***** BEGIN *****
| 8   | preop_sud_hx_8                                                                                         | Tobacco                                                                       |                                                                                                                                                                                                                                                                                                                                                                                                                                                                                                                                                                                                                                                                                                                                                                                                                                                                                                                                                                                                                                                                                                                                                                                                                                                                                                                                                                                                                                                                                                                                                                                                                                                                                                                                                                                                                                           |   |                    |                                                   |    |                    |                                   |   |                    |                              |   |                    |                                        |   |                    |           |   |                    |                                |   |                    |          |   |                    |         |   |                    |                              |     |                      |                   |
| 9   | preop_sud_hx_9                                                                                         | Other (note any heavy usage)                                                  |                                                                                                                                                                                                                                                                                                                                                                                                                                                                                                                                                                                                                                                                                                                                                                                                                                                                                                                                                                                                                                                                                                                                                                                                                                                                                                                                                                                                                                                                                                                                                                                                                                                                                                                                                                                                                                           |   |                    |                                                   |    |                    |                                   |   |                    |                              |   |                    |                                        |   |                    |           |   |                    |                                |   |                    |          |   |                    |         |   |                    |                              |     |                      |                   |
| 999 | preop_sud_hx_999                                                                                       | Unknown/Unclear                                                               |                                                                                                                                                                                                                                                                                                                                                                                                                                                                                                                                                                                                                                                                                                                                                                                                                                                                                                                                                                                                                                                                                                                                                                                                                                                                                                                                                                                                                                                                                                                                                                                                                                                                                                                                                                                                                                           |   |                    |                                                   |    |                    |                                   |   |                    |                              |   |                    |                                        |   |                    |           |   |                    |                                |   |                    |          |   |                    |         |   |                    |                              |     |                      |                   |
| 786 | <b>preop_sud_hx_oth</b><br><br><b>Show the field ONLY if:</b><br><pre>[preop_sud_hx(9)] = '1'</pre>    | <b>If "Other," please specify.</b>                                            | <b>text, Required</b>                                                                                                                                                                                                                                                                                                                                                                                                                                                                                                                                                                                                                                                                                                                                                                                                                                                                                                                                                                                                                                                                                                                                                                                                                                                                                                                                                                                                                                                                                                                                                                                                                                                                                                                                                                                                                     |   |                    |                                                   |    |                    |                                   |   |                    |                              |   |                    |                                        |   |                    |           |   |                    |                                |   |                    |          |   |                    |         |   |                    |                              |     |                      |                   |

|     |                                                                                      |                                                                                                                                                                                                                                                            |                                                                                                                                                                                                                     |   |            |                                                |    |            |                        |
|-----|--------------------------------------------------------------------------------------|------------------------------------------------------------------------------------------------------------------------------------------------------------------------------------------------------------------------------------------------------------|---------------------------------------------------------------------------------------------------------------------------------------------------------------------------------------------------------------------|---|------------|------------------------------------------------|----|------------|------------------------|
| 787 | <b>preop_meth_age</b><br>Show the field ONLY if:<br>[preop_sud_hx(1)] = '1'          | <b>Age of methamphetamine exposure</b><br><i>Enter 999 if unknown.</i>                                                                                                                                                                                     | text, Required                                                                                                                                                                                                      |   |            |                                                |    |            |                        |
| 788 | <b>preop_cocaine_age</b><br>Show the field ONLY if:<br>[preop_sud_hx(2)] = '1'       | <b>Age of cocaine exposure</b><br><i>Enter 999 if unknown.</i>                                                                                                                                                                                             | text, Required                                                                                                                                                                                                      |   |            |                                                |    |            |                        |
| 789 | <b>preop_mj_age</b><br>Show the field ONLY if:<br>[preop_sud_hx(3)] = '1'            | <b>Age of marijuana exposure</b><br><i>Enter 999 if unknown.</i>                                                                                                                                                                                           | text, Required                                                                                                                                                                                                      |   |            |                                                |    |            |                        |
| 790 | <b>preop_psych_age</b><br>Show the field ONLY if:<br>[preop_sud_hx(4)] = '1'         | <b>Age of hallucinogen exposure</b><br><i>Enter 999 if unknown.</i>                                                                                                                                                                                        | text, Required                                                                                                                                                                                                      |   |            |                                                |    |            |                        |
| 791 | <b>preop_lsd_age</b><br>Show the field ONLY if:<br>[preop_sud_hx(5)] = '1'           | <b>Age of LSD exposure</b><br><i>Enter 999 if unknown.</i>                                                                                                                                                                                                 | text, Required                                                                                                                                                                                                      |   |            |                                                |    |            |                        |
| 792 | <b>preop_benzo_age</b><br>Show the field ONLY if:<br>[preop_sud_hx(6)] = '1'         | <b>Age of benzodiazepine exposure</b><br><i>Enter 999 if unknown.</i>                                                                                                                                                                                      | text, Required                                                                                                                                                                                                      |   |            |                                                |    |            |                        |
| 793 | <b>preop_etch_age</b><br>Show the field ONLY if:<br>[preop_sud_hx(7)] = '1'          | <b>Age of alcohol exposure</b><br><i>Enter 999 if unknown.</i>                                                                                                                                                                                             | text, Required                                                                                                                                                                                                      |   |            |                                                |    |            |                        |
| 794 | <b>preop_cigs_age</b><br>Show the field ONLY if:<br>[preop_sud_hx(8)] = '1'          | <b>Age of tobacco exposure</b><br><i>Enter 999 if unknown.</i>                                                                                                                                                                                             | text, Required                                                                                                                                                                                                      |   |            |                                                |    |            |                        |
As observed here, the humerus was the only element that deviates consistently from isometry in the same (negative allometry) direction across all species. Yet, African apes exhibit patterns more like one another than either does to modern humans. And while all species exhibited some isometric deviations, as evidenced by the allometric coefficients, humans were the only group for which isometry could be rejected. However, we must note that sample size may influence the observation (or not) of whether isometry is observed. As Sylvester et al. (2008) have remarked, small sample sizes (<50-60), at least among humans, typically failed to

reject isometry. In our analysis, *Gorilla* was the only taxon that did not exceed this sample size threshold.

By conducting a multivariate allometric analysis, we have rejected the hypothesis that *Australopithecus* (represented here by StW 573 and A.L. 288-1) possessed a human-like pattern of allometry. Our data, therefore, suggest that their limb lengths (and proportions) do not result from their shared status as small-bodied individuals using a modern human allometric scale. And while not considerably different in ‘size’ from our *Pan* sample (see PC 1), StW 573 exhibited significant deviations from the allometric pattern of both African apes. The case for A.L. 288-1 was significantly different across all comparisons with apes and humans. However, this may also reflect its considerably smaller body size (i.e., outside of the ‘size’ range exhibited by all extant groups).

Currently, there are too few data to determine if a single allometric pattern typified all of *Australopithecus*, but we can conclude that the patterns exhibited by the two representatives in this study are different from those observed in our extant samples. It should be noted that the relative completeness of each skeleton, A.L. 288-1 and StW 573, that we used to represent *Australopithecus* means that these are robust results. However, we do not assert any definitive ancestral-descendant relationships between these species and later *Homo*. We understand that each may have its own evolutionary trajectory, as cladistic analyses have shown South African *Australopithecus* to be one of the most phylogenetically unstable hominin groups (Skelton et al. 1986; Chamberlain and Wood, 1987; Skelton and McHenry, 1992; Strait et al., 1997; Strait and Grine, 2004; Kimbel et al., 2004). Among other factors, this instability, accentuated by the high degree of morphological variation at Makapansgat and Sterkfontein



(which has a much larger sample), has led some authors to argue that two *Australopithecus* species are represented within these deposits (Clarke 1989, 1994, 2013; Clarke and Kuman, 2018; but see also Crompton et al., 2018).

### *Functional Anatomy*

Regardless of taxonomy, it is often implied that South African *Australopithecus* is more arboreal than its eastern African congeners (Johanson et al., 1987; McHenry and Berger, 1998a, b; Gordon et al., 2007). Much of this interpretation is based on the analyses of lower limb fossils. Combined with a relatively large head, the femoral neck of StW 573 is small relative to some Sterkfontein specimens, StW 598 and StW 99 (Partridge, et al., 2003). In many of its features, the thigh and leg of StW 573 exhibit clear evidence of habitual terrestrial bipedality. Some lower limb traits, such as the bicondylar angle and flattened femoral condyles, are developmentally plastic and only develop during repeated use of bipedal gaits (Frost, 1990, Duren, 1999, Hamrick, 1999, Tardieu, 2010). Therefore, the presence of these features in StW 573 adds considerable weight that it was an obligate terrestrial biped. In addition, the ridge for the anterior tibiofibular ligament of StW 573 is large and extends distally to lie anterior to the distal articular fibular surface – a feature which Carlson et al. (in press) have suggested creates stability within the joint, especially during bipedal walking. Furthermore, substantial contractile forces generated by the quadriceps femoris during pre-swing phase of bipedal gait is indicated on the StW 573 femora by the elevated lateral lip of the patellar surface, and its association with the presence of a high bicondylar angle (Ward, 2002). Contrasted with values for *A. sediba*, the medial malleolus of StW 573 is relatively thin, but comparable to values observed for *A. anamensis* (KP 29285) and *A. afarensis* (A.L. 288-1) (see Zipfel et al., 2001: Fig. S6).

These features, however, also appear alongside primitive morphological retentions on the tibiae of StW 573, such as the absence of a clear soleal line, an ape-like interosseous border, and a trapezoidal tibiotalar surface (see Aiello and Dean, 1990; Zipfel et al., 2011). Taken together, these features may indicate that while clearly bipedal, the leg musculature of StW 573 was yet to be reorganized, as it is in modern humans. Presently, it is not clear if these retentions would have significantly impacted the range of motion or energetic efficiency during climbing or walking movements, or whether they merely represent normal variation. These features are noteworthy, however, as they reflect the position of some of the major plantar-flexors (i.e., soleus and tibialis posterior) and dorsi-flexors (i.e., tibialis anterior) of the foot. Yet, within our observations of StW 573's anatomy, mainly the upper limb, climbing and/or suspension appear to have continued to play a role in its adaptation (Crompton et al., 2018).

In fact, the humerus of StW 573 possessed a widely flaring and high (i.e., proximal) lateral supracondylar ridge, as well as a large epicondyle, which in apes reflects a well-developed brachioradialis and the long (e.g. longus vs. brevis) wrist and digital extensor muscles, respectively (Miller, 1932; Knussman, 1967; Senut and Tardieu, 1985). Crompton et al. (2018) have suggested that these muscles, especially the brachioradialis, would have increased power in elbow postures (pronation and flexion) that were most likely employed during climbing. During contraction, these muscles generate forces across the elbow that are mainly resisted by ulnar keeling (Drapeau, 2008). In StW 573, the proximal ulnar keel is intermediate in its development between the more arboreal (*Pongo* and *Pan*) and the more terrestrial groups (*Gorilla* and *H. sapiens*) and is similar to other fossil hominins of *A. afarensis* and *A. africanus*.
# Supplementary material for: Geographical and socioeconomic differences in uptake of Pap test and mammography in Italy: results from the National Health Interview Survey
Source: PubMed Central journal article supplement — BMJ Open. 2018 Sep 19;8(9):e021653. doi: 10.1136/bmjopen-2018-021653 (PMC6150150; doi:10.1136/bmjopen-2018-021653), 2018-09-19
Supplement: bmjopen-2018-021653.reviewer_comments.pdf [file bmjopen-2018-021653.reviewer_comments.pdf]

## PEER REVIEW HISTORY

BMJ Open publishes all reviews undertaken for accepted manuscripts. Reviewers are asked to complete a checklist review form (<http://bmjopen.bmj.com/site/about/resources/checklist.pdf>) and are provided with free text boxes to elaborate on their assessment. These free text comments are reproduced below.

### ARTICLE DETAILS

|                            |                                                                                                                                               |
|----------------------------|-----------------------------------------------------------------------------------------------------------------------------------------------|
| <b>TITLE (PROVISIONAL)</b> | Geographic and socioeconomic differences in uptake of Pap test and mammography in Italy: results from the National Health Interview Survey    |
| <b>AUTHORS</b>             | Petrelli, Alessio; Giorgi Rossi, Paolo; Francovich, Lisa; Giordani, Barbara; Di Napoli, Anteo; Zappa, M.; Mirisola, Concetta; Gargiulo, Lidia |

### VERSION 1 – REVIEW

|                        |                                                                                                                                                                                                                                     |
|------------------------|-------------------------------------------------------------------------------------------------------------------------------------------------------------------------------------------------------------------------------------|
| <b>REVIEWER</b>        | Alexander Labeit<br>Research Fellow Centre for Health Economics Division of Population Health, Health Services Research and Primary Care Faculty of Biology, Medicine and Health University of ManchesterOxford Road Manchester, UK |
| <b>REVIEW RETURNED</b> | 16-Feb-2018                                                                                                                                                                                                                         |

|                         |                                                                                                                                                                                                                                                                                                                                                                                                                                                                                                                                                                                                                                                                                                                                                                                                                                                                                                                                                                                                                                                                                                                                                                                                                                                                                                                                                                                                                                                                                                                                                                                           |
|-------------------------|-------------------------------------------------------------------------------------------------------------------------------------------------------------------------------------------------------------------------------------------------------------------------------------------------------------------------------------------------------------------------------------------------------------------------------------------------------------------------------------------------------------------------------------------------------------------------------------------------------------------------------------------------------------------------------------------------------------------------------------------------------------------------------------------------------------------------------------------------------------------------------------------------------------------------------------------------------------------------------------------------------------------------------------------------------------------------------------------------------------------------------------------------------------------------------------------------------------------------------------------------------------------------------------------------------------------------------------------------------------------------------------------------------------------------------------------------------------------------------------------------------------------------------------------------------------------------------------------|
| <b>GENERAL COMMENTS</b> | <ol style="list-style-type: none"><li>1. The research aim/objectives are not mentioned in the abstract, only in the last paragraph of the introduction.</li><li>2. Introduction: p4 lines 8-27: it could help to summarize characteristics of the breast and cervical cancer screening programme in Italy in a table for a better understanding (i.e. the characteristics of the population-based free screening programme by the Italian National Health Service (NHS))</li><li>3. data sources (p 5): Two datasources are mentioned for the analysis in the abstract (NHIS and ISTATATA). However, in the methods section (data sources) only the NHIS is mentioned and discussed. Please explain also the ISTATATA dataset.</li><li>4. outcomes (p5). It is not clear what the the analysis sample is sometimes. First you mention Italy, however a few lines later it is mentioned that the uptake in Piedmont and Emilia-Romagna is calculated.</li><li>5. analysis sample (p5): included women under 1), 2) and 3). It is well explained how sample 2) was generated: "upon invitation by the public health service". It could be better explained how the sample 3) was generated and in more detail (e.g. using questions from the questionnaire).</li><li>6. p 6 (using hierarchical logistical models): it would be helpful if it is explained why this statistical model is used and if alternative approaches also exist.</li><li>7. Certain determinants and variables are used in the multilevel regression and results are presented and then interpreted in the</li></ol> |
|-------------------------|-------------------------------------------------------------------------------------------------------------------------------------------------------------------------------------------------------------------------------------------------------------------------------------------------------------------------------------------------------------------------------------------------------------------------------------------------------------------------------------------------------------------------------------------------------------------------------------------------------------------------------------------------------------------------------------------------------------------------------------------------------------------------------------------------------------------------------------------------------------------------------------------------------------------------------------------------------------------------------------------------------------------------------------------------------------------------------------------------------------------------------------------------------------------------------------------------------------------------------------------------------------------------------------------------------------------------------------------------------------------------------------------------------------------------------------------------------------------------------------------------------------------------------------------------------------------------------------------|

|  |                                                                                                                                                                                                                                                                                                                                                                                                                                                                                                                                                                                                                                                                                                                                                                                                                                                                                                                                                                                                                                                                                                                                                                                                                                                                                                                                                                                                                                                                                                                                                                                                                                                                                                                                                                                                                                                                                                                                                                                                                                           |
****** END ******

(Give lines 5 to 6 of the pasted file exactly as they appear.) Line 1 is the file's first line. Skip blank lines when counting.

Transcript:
|     |                                                                                      |                                                                                                                                                                                                                                                            |                                                                                                                                                                                                                     |   |            |                                                |    |            |                        |
|-----|--------------------------------------------------------------------------------------|------------------------------------------------------------------------------------------------------------------------------------------------------------------------------------------------------------------------------------------------------------|---------------------------------------------------------------------------------------------------------------------------------------------------------------------------------------------------------------------|---|------------|------------------------------------------------|----|------------|------------------------|